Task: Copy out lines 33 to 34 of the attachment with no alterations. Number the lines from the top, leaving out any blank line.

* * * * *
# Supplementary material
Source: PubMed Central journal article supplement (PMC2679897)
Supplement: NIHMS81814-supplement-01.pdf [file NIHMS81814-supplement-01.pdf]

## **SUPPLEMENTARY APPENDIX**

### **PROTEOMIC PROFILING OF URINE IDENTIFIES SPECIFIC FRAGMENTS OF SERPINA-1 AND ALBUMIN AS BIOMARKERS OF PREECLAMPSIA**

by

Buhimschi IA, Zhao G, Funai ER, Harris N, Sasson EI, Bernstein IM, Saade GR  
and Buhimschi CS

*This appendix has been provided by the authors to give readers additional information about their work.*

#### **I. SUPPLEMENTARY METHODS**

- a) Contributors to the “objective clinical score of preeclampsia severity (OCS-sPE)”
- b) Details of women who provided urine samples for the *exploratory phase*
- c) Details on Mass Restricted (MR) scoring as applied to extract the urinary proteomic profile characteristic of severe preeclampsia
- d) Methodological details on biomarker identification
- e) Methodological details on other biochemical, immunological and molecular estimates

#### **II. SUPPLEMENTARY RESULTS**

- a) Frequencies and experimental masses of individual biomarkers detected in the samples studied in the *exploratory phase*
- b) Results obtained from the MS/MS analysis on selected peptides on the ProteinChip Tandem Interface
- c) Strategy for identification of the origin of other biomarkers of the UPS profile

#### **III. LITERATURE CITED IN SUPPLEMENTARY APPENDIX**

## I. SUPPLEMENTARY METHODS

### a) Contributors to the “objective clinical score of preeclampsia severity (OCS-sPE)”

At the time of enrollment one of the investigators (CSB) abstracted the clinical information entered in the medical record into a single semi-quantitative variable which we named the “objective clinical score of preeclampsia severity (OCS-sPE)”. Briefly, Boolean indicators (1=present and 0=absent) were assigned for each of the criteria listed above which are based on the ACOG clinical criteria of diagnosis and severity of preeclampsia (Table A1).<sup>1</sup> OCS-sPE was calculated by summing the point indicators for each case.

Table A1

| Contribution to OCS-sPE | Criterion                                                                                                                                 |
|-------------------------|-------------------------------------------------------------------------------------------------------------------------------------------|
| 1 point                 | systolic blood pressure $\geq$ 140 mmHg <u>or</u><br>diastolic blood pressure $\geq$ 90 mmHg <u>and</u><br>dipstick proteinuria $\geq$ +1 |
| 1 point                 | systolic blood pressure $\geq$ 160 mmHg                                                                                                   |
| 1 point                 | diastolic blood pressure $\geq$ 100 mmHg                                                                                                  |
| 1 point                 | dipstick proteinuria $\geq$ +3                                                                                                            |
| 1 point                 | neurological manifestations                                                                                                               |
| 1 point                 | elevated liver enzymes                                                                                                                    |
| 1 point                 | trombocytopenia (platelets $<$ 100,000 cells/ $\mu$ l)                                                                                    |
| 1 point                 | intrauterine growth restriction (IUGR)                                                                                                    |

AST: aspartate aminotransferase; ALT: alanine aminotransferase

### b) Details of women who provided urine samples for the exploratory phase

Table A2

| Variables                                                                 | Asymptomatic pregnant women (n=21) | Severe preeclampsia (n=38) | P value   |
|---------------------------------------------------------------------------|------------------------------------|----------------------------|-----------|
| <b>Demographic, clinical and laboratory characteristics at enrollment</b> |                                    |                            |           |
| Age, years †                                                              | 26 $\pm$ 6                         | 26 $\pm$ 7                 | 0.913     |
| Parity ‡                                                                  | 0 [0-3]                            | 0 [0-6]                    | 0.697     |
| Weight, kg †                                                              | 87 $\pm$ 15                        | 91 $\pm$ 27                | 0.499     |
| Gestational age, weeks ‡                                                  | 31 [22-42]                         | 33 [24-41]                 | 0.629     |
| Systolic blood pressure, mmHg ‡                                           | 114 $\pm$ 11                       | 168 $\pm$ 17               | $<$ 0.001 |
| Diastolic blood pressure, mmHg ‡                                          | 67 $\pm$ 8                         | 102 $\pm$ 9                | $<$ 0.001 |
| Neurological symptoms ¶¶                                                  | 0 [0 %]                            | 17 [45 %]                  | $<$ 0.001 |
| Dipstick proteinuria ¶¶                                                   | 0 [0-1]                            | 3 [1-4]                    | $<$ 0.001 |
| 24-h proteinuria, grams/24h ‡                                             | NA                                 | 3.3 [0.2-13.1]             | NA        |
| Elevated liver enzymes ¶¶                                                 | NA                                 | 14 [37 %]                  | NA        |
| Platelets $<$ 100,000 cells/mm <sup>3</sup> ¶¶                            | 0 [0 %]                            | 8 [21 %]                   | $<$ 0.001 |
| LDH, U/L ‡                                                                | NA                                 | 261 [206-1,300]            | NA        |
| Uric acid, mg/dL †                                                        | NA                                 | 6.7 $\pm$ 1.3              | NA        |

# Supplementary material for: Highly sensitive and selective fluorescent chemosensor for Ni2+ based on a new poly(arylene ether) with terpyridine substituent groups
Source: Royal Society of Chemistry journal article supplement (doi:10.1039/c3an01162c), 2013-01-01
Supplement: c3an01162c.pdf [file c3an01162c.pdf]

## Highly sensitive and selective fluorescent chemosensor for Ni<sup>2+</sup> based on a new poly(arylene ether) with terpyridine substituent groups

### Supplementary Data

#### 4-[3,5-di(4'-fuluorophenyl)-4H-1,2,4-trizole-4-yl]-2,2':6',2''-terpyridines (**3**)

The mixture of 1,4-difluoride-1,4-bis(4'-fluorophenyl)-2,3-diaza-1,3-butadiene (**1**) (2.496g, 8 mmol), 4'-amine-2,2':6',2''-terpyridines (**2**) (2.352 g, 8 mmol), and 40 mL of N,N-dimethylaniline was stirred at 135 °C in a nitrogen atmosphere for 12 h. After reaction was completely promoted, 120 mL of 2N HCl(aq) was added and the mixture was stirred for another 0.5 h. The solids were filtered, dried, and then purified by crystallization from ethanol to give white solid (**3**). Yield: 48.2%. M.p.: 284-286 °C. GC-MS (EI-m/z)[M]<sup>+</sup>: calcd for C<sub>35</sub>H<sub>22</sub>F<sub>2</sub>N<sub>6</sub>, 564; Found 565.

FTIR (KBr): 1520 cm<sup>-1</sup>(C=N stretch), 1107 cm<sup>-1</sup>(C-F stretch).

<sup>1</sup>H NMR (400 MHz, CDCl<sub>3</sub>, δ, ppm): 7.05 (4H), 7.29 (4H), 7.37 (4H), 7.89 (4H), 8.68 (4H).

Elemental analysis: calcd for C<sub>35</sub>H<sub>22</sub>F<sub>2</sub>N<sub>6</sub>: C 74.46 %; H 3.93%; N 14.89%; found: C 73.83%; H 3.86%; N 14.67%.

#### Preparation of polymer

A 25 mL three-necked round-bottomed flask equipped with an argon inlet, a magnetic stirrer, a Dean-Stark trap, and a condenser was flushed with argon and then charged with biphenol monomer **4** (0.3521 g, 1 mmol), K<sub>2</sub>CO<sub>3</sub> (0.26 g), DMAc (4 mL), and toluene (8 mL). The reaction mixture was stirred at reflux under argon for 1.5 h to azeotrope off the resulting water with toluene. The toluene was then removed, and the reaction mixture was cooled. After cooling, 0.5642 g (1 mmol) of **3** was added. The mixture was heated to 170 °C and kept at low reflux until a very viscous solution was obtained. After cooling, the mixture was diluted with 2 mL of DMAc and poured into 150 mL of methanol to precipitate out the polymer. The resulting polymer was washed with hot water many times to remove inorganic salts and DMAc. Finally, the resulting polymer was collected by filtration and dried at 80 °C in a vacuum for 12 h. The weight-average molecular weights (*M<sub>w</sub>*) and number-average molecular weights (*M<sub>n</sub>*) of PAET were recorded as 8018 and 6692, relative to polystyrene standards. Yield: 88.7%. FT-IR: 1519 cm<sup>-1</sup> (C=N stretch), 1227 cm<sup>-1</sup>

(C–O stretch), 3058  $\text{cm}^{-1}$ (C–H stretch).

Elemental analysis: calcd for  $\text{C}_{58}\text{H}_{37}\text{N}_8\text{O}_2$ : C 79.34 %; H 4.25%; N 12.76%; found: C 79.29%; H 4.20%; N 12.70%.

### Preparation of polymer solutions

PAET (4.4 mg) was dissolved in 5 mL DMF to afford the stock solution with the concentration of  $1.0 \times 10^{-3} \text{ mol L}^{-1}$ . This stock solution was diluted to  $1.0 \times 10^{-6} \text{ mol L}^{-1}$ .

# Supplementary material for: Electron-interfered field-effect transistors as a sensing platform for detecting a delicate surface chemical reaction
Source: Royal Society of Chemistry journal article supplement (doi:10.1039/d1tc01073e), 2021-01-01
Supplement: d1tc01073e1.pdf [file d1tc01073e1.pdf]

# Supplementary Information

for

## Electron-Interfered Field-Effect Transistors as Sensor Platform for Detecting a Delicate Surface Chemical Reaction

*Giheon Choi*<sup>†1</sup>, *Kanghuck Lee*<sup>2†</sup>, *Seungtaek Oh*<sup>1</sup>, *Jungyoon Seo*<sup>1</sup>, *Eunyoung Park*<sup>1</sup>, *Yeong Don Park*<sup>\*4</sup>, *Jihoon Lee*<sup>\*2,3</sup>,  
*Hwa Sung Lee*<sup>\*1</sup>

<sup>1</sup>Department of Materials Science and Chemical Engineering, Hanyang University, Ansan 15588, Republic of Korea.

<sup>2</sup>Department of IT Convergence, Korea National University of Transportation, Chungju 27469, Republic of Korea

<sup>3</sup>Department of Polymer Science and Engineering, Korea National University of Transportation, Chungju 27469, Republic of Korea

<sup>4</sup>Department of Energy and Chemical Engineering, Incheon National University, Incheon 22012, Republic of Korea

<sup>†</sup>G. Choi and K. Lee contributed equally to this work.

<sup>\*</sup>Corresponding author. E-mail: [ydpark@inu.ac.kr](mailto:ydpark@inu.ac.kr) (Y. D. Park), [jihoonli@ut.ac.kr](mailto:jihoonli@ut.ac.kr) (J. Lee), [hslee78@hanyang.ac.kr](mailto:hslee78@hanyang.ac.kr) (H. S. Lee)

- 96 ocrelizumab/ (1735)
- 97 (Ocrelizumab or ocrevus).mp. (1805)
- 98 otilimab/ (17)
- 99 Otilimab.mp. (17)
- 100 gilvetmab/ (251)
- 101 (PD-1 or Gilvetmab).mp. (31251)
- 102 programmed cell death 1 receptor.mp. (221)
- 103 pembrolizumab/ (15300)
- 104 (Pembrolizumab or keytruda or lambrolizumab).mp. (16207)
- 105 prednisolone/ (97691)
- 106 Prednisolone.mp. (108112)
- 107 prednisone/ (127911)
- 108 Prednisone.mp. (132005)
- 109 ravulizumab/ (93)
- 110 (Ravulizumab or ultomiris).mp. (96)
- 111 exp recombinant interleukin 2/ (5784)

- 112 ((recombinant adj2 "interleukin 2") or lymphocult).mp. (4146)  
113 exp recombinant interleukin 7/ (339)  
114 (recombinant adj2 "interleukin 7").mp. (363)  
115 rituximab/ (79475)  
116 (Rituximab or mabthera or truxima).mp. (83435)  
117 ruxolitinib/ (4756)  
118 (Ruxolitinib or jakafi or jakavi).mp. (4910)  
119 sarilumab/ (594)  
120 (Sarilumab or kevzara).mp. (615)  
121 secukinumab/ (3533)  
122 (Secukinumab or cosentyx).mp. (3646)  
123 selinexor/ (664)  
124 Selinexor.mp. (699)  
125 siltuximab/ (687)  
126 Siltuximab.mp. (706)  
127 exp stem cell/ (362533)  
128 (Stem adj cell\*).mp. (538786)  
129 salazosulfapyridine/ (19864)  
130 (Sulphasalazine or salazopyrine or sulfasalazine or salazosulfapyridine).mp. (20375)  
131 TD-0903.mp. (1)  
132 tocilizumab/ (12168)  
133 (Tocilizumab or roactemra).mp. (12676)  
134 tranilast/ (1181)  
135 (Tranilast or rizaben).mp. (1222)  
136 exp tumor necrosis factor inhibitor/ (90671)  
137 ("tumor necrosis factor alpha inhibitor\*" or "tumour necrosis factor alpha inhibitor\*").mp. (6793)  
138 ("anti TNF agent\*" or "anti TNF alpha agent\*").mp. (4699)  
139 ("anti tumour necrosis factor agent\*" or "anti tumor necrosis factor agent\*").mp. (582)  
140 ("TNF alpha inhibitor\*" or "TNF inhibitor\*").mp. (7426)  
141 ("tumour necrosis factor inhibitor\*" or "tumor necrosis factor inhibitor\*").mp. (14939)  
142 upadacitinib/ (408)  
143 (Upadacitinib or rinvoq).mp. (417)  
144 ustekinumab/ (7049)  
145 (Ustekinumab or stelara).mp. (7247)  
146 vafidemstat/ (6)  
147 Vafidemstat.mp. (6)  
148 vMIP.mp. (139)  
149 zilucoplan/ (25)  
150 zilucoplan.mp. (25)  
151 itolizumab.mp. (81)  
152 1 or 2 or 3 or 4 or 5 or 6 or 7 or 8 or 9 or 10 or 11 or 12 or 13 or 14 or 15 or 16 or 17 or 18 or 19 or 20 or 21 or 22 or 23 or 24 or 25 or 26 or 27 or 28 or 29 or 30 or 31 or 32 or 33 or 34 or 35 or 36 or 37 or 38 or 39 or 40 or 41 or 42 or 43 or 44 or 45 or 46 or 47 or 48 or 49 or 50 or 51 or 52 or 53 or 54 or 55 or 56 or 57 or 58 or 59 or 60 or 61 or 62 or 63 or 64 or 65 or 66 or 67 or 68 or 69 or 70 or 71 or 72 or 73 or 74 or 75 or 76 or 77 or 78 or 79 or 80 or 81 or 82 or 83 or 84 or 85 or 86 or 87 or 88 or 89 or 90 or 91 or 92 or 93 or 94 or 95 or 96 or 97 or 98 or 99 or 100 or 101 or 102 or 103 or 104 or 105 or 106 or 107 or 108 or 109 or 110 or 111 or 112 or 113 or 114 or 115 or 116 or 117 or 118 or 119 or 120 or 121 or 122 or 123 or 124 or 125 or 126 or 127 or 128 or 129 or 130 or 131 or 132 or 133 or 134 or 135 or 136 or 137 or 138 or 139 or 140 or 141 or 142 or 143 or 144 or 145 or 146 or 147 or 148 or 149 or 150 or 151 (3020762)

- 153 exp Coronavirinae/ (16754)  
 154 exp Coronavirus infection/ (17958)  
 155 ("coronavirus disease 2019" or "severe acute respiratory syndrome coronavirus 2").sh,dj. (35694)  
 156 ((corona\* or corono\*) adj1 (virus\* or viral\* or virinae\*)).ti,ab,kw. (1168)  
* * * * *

| 1 point                 | trombocytopenia (platelets $<$ 100,000 cells/ $\mu$ l)                                                                                    |
| 1 point                 | intrauterine growth restriction (IUGR)                                                                                                    |